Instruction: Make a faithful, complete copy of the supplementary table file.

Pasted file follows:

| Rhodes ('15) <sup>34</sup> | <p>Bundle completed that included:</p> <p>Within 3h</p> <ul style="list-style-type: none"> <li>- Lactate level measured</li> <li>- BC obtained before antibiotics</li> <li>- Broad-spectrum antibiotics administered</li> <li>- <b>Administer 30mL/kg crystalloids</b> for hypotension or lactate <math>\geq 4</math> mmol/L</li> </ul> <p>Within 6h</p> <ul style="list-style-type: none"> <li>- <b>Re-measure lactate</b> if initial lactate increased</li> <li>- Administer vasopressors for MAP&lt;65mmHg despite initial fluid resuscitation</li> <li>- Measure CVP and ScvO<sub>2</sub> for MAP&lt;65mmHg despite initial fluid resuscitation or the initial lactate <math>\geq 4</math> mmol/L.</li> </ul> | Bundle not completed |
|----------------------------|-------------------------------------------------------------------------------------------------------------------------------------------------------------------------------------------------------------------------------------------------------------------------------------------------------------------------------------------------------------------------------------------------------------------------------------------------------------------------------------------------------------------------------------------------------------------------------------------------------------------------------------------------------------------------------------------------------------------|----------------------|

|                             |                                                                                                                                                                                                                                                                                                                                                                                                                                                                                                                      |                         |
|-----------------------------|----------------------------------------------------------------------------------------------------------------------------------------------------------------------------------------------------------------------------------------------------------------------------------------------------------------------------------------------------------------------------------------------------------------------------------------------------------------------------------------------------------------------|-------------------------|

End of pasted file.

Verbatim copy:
| Rhodes ('15) <sup>34</sup> | <p>Bundle completed that included:</p> <p>Within 3h</p> <ul style="list-style-type: none"> <li>- Lactate level measured</li> <li>- BC obtained before antibiotics</li> <li>- Broad-spectrum antibiotics administered</li> <li>- <b>Administer 30mL/kg crystalloids</b> for hypotension or lactate <math>\geq 4</math> mmol/L</li> </ul> <p>Within 6h</p> <ul style="list-style-type: none"> <li>- <b>Re-measure lactate</b> if initial lactate increased</li> <li>- Administer vasopressors for MAP&lt;65mmHg despite initial fluid resuscitation</li> <li>- Measure CVP and ScvO<sub>2</sub> for MAP&lt;65mmHg despite initial fluid resuscitation or the initial lactate <math>\geq 4</math> mmol/L.</li> </ul> | Bundle not completed |
|----------------------------|-------------------------------------------------------------------------------------------------------------------------------------------------------------------------------------------------------------------------------------------------------------------------------------------------------------------------------------------------------------------------------------------------------------------------------------------------------------------------------------------------------------------------------------------------------------------------------------------------------------------------------------------------------------------------------------------------------------------|----------------------|

|                             |                                                                                                                                                                                                                                                                                                                                                                                                                                                                                                                      |                         |
|-----------------------------|----------------------------------------------------------------------------------------------------------------------------------------------------------------------------------------------------------------------------------------------------------------------------------------------------------------------------------------------------------------------------------------------------------------------------------------------------------------------------------------------------------------------|-------------------------|